The guildspeople of 15th century Bologna are well respected and well organized. Among these is widow Avisa Baglatoni, an accomplished locksmith, who violates virtually every tenet of Bolognese law by giving succor – and an apprenticeship – to Bernardo, a young Jew newly arrived in town.
After a smooth-talking orator comes to Bologna to collect silver from the townsfolk (including the locksmiths) to melt down and fashion city bells purportedly to warn the populace of invasion, the silver disappears. Who is involved in this theft forms the main plot of the story, but there are myriad subplots involving, among other things, Jewish-Christian relations, unwanted advances to Avisa by the mayor’s nephew, and the efforts of a young woman to become a court artist.
Many of the subplots add nothing save a bit of additional flavor to the novel, the first in a new series. The main characters are attractive, interesting people who struggle against the vagaries of fortune and capture the reader’s imagination and sympathy. But the book is so poorly edited that it becomes distracting to the reader after awhile. Also, the story simply ended without any cohesive explanation as to how the ends got tied up.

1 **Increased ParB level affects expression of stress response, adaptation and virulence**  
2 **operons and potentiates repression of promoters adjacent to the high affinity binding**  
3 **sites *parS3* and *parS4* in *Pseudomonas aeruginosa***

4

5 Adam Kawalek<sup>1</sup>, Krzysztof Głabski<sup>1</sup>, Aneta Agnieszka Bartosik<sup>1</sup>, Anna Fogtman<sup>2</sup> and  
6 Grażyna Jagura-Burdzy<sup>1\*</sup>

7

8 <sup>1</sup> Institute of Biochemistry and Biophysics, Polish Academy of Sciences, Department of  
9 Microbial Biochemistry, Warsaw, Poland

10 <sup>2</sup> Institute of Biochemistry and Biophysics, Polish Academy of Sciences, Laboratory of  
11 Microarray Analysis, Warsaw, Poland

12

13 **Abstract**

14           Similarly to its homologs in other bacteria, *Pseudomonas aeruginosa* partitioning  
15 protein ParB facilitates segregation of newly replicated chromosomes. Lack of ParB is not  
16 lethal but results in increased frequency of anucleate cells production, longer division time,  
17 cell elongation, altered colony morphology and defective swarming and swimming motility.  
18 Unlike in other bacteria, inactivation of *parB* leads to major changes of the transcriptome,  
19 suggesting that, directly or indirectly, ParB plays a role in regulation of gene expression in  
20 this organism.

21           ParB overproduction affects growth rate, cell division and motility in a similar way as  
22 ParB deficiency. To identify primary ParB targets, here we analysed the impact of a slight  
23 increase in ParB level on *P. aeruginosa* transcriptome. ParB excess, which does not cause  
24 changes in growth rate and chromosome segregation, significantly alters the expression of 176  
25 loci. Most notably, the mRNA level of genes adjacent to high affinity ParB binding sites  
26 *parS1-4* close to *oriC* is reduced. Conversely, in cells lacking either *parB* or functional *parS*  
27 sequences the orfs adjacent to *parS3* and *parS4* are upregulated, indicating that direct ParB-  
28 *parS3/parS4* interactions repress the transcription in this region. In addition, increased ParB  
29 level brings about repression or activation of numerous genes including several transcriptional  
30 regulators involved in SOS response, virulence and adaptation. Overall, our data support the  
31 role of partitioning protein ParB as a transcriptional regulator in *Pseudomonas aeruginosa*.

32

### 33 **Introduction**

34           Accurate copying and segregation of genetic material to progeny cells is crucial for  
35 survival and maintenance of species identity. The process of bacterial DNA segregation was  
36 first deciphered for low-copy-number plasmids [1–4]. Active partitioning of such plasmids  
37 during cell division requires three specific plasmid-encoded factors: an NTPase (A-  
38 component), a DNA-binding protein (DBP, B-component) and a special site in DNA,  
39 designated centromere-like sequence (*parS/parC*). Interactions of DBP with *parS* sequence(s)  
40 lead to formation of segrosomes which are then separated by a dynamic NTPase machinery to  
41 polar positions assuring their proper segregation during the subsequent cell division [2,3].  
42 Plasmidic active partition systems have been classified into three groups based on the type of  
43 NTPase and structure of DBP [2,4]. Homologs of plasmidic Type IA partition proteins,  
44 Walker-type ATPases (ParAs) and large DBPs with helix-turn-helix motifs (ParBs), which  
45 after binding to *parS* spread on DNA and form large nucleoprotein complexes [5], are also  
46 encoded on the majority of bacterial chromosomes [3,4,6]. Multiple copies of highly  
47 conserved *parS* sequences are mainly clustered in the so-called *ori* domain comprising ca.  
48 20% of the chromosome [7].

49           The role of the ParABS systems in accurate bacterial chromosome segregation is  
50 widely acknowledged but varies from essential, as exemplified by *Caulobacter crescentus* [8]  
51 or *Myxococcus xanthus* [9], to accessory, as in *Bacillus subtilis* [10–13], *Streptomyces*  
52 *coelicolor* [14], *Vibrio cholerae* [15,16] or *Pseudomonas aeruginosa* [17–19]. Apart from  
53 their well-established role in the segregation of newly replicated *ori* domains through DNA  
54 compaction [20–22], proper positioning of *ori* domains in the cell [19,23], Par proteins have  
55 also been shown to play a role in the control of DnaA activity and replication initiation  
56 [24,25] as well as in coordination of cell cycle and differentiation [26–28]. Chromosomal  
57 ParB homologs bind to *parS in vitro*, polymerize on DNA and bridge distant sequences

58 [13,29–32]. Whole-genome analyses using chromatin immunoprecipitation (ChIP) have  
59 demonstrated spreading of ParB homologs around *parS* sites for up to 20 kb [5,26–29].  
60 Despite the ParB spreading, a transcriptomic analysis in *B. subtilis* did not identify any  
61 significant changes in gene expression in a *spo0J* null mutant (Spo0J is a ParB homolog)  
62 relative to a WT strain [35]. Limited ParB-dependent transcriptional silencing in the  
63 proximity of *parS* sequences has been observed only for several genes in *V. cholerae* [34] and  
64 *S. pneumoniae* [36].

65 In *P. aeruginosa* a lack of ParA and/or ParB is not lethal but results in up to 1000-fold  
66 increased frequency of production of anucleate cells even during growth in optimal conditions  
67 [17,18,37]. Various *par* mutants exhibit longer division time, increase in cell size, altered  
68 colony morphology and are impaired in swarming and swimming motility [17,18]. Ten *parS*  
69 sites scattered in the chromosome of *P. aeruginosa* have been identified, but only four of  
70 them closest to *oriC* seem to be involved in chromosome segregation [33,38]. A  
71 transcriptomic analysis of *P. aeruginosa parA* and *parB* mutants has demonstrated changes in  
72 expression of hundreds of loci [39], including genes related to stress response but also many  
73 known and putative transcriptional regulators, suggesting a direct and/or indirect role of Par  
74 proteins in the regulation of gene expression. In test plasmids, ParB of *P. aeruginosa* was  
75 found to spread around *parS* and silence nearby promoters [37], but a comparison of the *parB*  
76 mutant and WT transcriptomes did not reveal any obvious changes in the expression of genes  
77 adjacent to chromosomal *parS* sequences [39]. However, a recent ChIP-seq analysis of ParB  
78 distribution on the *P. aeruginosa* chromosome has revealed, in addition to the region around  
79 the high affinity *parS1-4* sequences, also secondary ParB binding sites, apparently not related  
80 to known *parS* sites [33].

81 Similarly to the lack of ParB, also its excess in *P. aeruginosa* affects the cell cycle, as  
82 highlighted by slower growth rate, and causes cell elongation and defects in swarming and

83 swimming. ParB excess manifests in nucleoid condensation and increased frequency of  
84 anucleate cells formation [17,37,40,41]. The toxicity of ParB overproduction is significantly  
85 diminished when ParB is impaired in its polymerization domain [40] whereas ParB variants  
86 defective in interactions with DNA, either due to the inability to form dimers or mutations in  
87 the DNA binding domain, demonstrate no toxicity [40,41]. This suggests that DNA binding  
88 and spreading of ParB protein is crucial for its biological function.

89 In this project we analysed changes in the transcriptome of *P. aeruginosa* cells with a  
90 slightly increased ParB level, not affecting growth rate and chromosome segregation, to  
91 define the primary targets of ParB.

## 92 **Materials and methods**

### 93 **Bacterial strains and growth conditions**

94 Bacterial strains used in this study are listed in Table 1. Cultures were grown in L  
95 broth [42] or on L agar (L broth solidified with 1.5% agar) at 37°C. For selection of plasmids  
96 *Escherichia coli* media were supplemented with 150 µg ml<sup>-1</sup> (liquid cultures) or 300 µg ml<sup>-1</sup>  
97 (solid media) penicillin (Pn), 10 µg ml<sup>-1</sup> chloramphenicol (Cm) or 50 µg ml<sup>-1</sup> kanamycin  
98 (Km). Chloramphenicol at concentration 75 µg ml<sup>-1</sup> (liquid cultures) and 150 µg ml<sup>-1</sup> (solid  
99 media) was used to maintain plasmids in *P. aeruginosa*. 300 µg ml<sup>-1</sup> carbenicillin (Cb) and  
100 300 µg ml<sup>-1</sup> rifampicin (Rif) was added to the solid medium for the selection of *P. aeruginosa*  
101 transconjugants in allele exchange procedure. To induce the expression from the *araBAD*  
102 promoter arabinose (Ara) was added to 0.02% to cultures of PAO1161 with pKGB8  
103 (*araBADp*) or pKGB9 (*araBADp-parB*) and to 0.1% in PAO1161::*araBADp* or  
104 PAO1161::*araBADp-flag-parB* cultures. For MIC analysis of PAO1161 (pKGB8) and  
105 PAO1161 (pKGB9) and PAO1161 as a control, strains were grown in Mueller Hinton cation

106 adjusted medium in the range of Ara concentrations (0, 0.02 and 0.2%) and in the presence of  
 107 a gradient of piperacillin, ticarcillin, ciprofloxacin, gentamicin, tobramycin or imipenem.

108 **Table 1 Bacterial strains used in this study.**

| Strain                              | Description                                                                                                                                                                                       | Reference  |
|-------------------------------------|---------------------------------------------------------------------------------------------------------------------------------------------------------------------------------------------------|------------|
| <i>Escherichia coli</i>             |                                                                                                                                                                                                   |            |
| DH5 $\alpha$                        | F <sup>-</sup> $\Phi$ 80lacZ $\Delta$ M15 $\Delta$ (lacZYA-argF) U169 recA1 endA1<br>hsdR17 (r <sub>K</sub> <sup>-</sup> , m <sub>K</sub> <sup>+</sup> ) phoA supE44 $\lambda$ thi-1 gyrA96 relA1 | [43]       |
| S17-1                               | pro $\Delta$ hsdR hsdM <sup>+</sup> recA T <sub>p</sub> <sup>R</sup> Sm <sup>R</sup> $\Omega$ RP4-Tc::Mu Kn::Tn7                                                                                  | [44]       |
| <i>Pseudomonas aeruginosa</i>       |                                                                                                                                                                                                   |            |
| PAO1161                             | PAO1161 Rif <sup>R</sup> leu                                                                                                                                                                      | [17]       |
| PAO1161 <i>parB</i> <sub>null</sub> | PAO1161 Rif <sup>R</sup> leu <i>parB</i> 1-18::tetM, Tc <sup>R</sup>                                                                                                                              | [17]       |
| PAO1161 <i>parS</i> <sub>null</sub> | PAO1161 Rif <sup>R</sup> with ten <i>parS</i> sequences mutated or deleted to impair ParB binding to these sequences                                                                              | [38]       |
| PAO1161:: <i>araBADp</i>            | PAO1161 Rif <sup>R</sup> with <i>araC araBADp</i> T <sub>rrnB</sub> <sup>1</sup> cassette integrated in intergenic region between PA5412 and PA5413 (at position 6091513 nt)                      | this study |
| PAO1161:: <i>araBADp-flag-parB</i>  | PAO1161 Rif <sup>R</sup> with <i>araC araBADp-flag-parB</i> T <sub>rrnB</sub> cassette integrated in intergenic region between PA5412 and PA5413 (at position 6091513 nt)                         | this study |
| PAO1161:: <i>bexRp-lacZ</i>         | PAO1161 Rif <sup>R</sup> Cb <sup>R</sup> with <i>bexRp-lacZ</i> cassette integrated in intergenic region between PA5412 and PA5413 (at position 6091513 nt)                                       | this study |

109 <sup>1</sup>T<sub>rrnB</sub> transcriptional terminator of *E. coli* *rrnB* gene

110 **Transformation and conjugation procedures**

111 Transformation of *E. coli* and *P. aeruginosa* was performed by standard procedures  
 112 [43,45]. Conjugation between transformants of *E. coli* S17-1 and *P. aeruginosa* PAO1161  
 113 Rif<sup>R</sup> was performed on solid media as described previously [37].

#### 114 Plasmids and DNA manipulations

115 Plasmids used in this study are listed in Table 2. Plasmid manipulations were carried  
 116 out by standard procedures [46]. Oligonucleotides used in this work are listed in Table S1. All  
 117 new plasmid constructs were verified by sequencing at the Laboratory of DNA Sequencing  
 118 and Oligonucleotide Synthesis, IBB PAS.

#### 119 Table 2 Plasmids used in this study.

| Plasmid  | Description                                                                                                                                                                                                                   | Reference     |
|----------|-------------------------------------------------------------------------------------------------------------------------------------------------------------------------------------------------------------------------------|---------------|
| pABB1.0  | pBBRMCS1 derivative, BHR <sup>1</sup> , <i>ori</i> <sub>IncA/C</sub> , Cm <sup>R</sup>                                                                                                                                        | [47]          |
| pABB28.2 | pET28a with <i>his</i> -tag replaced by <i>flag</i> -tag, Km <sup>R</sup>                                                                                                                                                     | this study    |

A decent first effort by Cooper, but improved editing will help immensely.